3.2 A person who completed a great mission

The participants gave a lot of importance to their children's lives compared to their own. They emphasized the importance of getting their children married, their children getting a good job in a tough economy, their children becoming parents with physical characteristics inherited from their parents, and their children raising their own children well. Moreover, they accepted the changes in their role from mother to grandmother that occurred after their children's marriage.

3.3 Life with a sense of affection

The participants were worried and concerned about their husbands' climacterium when they experienced menopause. In their young life, a married couple would sleep together, but after menopause, women experience insomnia and their sleep patterns change; hence, partners sleep in separate rooms and they feel relieved in the morning when they see each other in a corridor. They were more willing to express their feelings and would get disturbed by the physical changes in their partners.

3.4 Feeling good about health care

The participants had service-oriented jobs. They believed that body care is a source of energy in life and their driving force was to work continuously. Therefore, they had a lot of interest in health supplementary food, ate their meals, and exercised on a regular basis. Although it was challenging, they took pride in being able to work at their age compared to those who were dependent on their children or husbands.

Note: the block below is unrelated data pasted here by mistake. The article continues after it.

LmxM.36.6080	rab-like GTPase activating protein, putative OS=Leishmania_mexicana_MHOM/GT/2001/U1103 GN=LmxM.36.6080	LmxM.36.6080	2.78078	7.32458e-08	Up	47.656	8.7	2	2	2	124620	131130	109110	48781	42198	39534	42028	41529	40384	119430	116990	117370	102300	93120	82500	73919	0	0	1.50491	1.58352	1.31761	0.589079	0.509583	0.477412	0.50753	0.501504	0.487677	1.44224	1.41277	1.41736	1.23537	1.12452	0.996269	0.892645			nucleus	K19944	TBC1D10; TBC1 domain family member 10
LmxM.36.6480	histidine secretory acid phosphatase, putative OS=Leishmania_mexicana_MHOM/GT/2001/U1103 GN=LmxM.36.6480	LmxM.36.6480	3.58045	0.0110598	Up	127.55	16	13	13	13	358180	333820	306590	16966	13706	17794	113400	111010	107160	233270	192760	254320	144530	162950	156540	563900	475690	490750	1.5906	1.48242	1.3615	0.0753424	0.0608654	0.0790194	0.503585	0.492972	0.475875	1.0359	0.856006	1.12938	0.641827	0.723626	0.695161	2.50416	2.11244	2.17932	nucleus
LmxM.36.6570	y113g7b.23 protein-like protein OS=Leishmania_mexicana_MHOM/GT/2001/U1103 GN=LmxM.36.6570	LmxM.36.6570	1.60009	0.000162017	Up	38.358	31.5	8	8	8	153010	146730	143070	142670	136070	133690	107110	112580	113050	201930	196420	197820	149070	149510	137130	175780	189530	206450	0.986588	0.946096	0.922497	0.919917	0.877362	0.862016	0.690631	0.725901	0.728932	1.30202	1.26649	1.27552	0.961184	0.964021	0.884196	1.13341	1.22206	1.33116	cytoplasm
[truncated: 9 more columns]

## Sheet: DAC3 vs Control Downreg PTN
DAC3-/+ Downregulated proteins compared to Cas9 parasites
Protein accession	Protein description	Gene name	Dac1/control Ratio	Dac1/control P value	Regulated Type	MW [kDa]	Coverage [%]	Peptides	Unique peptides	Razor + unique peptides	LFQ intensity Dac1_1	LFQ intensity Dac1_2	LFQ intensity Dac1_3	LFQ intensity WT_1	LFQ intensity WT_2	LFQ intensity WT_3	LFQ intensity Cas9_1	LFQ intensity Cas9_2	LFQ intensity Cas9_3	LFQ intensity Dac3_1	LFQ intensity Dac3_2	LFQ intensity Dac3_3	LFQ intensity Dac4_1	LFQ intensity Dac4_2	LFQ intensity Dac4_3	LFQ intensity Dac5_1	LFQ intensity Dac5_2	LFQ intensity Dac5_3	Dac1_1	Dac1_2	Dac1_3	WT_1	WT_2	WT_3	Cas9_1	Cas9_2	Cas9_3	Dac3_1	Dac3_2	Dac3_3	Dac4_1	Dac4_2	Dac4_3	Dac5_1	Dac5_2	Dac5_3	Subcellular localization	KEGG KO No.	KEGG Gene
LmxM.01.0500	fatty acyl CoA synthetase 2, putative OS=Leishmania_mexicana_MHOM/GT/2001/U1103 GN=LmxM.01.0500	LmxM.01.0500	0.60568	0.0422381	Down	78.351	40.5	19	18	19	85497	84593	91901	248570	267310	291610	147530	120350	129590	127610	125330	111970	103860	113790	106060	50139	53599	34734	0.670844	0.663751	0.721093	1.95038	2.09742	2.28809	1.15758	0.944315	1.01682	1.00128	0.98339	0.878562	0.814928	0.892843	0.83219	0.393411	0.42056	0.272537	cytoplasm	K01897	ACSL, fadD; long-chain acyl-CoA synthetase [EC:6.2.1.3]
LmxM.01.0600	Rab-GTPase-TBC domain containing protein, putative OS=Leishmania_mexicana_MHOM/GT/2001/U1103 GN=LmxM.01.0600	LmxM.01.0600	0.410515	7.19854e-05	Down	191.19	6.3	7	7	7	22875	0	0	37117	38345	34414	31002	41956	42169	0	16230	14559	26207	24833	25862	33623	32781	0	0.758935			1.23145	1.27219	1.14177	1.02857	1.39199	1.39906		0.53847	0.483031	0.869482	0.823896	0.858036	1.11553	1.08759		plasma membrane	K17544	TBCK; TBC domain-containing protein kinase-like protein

3.5 Undulating emotion

The participants underwent several physical, mental, social, and domestic changes while experiencing menopause and entering senescence. They had a tendency to worry and they would frequently think about death. Their figure was not well maintained as in their young age and their mood would decline when they received prescriptions and treatments for adult diseases including hypertension and hyperlipidemia. They experienced a gradual decline in sexual desire and avoided sex.

3.6 Filling the emptiness

While the participants experienced menopause, various symptoms such as depression or suicidal thoughts developed and bad incidents occurred. Moreover, leaving their earlier places of residence and moving to small- and medium-sized cities caused a greater sense of emptiness and hence they seemed to have an obsession for unnecessary items.

Discussion

This study attempted to understand the components of health maintenance in late–middle-aged women living in small- and medium-sized cities who experienced menopause and entered reproductive senescence in relation to the participants' in-depth point of view and overall aspects. Based on the sociocultural background, the participants showed either a positive or negative recognition of transition into senescence.